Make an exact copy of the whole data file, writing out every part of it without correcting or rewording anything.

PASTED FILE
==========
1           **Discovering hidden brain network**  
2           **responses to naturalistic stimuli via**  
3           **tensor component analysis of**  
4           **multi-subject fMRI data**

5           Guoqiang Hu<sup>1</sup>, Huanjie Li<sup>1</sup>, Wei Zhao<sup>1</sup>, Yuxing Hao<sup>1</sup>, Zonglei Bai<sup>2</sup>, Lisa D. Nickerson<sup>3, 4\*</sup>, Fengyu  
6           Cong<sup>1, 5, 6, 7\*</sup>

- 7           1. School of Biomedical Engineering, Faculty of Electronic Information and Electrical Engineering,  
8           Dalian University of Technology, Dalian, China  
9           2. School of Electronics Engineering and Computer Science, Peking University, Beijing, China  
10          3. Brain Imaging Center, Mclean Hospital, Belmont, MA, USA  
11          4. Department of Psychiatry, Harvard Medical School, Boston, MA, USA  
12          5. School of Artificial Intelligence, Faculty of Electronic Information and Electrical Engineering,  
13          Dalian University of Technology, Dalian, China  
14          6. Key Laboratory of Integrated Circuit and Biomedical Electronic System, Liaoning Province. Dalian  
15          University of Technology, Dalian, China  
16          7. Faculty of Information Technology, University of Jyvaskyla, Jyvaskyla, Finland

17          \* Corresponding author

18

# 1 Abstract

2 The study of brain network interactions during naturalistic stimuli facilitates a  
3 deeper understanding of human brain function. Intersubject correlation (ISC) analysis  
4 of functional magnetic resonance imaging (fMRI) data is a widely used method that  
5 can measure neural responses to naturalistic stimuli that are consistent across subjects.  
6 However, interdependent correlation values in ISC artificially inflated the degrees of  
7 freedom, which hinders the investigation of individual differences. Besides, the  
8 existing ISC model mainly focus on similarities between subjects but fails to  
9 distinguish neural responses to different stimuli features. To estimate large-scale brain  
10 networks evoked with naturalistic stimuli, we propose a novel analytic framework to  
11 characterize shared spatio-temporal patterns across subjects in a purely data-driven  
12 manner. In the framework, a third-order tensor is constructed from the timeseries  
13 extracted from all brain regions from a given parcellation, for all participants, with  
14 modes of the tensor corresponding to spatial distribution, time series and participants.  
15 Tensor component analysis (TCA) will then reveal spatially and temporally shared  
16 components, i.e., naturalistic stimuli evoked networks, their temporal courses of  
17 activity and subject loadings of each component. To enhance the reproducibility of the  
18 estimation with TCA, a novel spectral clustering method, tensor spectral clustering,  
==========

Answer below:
1           **Discovering hidden brain network**  
2           **responses to naturalistic stimuli via**  
3           **tensor component analysis of**  
4           **multi-subject fMRI data**

5           Guoqiang Hu<sup>1</sup>, Huanjie Li<sup>1</sup>, Wei Zhao<sup>1</sup>, Yuxing Hao<sup>1</sup>, Zonglei Bai<sup>2</sup>, Lisa D. Nickerson<sup>3, 4\*</sup>, Fengyu  
6           Cong<sup>1, 5, 6, 7\*</sup>

- 7           1. School of Biomedical Engineering, Faculty of Electronic Information and Electrical Engineering,  
8           Dalian University of Technology, Dalian, China  
9           2. School of Electronics Engineering and Computer Science, Peking University, Beijing, China  
10          3. Brain Imaging Center, Mclean Hospital, Belmont, MA, USA  
11          4. Department of Psychiatry, Harvard Medical School, Boston, MA, USA  
12          5. School of Artificial Intelligence, Faculty of Electronic Information and Electrical Engineering,  
13          Dalian University of Technology, Dalian, China  
14          6. Key Laboratory of Integrated Circuit and Biomedical Electronic System, Liaoning Province. Dalian  
15          University of Technology, Dalian, China  
16          7. Faculty of Information Technology, University of Jyvaskyla, Jyvaskyla, Finland

17          \* Corresponding author

18

# 1 Abstract

2 The study of brain network interactions during naturalistic stimuli facilitates a  
3 deeper understanding of human brain function. Intersubject correlation (ISC) analysis  
4 of functional magnetic resonance imaging (fMRI) data is a widely used method that  
5 can measure neural responses to naturalistic stimuli that are consistent across subjects.  
6 However, interdependent correlation values in ISC artificially inflated the degrees of  
7 freedom, which hinders the investigation of individual differences. Besides, the  
8 existing ISC model mainly focus on similarities between subjects but fails to  
9 distinguish neural responses to different stimuli features. To estimate large-scale brain  
10 networks evoked with naturalistic stimuli, we propose a novel analytic framework to  
11 characterize shared spatio-temporal patterns across subjects in a purely data-driven  
12 manner. In the framework, a third-order tensor is constructed from the timeseries  
13 extracted from all brain regions from a given parcellation, for all participants, with  
14 modes of the tensor corresponding to spatial distribution, time series and participants.  
15 Tensor component analysis (TCA) will then reveal spatially and temporally shared  
16 components, i.e., naturalistic stimuli evoked networks, their temporal courses of  
17 activity and subject loadings of each component. To enhance the reproducibility of the  
18 estimation with TCA, a novel spectral clustering method, tensor spectral clustering,  